Martin Francis

Blog of Web Designer Martin Francis

Jun 10

HTML, hyperlinks and images, the basics.

blog image relevant to text

When working in HTML for the first time the very first principle that was is the one of “containment” which means that content must have a tag in front and a tag and the end.
With this blog I have used examples of html code but left off the <> brackets that usually surround the code so that the code is not recognised by the blog text editor.
The next is what links the internet together which is the hyperlinks and these can be a “relative address” where you use the Anchor hyperlink reference or “a href” to go to a local directory and “absolute address” where you use the full hyper text transfer protocol (HTTP) address that you see entered in browsers.
With all these links it’s important to understand the relationship of the directory forlders. For example &ldquoParent” or “grandparent” folders when referring to relative linking.
If the parent folder is the folder that all the code and images are held then any page linking to another page within the parent folder does not need the full HTTP address in it’s link. For example A page would use the tag a href=“bpage.html” (inside of <>) then the words describing the link such as “link to B page” then the closing tag /a inside <> brackets.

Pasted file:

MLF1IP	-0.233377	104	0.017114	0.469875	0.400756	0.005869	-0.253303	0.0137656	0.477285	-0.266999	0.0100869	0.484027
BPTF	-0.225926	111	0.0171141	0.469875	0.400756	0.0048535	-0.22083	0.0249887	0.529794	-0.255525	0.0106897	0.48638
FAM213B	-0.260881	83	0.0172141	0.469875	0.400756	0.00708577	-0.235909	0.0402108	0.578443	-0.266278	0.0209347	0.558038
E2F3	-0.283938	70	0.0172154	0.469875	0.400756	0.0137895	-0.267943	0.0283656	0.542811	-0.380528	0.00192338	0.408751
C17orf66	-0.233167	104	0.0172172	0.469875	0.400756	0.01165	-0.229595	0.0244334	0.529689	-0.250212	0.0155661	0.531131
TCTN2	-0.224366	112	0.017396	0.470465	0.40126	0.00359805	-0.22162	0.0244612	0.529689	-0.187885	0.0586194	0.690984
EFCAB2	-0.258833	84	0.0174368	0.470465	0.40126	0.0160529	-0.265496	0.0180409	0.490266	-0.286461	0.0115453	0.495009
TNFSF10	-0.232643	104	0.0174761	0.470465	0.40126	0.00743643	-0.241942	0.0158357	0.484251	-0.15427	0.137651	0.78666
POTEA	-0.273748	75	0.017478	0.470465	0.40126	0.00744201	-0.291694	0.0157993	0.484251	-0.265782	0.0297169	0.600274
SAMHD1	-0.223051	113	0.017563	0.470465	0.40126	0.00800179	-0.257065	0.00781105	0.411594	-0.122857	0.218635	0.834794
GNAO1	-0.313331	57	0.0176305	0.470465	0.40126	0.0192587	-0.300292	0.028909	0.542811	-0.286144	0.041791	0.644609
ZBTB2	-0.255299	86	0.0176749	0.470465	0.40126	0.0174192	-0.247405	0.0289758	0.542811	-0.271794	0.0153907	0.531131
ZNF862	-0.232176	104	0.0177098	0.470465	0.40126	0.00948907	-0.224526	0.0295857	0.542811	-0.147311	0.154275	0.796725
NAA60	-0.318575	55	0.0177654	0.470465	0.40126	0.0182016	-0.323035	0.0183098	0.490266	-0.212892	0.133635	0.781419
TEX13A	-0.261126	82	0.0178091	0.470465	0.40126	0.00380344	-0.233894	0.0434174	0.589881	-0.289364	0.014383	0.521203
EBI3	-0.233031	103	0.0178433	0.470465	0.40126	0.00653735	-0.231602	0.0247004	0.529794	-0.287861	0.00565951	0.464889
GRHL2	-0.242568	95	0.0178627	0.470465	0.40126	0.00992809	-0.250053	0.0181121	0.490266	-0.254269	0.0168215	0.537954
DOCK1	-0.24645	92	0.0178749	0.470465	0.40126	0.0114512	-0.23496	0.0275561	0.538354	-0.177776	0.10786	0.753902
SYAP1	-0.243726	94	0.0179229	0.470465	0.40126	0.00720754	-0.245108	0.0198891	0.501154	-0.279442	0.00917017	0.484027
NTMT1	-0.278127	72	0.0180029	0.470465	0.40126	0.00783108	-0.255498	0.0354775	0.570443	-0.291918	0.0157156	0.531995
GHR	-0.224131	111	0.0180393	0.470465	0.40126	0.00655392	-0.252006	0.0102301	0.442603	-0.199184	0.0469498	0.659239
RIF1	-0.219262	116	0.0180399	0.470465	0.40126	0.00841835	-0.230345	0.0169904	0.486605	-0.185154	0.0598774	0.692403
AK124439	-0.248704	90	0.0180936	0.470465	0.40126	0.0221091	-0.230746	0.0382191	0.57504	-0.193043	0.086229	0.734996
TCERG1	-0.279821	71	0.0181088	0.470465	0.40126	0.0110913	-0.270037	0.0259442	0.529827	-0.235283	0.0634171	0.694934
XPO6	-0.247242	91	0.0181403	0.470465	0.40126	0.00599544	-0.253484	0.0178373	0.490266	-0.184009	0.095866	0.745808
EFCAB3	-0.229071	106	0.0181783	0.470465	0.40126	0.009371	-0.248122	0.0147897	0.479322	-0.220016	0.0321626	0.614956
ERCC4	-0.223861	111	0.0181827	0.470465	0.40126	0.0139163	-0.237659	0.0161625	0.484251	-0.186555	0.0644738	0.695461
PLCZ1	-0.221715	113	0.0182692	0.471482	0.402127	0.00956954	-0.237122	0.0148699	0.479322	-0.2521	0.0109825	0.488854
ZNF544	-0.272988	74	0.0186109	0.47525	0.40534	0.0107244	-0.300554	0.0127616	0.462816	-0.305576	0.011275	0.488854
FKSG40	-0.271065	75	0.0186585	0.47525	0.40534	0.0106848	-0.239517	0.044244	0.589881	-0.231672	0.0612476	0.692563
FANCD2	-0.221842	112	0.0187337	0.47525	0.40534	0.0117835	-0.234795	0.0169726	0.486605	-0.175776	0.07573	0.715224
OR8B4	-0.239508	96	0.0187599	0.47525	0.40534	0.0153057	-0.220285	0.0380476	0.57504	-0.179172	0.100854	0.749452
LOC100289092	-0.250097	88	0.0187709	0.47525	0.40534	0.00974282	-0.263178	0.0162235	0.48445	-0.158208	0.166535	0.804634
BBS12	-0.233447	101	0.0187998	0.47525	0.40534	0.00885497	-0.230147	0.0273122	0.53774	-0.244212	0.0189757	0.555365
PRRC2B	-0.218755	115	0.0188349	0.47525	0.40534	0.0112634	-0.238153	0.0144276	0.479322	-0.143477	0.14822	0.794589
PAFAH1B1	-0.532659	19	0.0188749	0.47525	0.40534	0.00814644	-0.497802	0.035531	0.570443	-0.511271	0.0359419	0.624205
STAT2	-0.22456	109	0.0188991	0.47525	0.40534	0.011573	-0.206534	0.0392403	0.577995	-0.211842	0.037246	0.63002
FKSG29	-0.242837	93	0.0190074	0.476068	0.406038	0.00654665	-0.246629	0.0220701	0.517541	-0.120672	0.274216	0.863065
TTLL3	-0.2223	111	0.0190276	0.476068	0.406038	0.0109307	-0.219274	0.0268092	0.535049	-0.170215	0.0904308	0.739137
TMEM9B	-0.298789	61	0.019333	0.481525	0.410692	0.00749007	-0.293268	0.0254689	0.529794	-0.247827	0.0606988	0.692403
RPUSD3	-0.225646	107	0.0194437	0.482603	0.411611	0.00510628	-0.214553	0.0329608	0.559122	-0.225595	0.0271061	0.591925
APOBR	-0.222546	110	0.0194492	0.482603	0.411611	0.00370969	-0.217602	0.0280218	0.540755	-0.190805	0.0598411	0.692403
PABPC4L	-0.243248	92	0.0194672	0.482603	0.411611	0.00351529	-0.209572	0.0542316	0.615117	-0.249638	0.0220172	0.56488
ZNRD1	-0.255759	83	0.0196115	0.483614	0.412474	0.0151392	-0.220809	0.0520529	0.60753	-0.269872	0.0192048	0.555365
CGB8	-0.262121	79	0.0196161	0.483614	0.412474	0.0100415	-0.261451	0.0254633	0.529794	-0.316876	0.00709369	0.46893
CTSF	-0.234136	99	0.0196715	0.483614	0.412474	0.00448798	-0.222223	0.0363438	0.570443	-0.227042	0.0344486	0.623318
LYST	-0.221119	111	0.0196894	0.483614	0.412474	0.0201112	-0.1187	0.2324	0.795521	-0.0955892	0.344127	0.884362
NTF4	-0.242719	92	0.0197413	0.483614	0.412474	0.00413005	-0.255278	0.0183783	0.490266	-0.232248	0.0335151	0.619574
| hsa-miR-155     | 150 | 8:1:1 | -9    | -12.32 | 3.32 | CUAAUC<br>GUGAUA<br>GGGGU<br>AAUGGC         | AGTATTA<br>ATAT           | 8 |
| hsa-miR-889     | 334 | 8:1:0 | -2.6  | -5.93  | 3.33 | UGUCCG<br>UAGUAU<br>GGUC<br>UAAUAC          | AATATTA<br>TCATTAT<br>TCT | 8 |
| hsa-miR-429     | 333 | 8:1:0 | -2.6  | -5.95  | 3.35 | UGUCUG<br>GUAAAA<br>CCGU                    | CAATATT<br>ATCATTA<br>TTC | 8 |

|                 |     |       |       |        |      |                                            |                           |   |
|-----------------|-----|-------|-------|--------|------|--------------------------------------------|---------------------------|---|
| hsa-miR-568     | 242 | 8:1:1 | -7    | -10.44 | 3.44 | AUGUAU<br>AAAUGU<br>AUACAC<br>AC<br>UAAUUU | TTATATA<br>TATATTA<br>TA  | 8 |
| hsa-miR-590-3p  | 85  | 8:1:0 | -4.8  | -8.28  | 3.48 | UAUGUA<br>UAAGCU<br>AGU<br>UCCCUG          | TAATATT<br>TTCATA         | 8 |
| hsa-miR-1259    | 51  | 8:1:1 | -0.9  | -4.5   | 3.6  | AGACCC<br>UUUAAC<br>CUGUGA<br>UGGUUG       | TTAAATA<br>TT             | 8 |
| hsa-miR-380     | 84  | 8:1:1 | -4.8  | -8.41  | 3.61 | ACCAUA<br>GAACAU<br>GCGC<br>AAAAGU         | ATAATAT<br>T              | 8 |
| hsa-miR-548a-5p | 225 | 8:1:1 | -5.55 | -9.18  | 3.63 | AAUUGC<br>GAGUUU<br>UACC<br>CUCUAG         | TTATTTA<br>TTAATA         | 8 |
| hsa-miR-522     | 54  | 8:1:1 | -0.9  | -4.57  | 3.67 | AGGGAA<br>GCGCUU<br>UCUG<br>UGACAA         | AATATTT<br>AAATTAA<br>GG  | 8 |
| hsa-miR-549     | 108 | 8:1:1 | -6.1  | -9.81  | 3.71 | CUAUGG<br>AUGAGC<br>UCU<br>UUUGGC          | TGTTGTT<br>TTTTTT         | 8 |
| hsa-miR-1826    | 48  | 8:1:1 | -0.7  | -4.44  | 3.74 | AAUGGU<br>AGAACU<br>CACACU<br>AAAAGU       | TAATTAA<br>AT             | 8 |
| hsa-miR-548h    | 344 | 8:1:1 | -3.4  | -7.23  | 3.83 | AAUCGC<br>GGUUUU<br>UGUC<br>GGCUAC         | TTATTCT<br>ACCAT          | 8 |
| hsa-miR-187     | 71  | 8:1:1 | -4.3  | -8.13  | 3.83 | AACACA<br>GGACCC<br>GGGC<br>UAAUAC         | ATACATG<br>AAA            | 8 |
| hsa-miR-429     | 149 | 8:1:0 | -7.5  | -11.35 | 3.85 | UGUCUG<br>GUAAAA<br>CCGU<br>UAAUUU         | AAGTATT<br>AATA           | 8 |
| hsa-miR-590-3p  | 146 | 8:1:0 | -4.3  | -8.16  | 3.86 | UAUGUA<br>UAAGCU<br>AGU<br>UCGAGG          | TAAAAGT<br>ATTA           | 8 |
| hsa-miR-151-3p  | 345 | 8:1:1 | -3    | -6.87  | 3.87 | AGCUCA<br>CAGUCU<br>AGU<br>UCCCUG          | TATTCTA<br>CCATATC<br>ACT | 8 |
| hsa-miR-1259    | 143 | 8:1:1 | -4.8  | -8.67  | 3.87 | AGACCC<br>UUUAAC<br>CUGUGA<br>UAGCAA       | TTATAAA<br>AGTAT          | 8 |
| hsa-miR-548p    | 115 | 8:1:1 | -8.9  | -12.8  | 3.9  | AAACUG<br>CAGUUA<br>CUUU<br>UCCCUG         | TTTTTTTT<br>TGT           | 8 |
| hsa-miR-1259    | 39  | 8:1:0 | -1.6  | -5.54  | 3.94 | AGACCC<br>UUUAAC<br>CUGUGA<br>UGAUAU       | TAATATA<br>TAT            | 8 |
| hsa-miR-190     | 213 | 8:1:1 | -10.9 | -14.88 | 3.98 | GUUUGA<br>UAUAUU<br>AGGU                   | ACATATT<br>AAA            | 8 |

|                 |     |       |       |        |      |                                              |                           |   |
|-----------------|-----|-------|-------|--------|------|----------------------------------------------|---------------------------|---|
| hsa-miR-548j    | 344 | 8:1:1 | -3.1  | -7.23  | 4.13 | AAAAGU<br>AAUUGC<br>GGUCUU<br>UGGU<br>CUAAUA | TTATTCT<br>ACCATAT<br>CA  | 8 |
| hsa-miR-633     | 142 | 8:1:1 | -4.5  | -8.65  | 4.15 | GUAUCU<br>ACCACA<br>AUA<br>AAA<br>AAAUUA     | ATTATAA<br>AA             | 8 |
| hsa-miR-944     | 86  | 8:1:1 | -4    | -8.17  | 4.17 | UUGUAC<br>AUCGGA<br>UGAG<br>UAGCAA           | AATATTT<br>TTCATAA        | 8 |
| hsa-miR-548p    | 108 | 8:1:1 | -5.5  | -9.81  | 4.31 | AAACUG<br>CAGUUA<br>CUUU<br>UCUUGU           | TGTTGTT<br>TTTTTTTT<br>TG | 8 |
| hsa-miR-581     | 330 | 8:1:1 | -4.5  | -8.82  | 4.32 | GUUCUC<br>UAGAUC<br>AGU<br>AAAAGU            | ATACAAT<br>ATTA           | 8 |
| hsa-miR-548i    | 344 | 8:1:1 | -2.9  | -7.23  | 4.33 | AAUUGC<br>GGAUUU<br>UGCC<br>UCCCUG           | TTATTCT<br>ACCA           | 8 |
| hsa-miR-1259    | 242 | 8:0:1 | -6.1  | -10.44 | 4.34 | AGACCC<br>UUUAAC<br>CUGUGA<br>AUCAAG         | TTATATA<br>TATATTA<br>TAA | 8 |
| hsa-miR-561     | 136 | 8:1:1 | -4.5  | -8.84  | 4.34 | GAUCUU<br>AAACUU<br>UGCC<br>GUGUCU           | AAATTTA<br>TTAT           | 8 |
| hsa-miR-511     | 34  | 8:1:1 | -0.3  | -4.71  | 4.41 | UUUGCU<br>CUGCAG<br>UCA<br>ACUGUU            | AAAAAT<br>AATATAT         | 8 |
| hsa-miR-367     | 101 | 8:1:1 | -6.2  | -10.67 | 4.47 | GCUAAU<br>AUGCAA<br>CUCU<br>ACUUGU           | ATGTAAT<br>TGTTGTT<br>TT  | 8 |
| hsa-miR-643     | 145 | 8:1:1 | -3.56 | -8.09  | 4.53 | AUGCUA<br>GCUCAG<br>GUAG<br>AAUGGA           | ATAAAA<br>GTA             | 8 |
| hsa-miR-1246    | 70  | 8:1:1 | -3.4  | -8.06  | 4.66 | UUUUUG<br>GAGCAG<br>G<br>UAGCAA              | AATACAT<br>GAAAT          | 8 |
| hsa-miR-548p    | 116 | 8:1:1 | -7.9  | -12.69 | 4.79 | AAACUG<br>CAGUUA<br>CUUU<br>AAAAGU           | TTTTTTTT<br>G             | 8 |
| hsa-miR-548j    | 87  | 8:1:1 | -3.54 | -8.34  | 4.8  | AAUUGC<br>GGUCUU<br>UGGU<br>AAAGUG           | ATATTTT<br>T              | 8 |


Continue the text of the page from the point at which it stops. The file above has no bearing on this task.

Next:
The full address of “B page” could be placed there after the ahref= but it is not necessary.
If there is another level folder the parent folder, can become the grandparent folder.
If you want to link a page that is held within the lowest level of folder (which you can call the parent folder) and you want to link to a page or image in a higher level folder (which you could call the grandparent folder) then you use the tag a href=“../apage.html” then the description, and then the closing tag.
And this is still addressing the file or page locally.
Useful for long scrolling text is the relative links that are links that point to the Anchor point that is at the top of the page.
You may have seen this this before where sometimes you see a “back to top” link. Of course you get this the other way with the Anchor points throughout the long page with the links to them at the top commonly used in FAQ pages.
Absolute addressing then is only necessary when you want to link to websites outside of the one you are currently looking at.
And so the full HTTP address is used but sometimes you don’t want to have the reader/user leaving your website and just simply open a new window with the original window still open then you use:-
a target=“_blank” href=http://www.etc etc etc.....
Without the attribute “target=_blank” the reader may leave your website and never come back!!
The next important principle while working on a web page is how your working

Posted by: martin Last updated on:2010-07-28 17:26:07
Tag:- html basics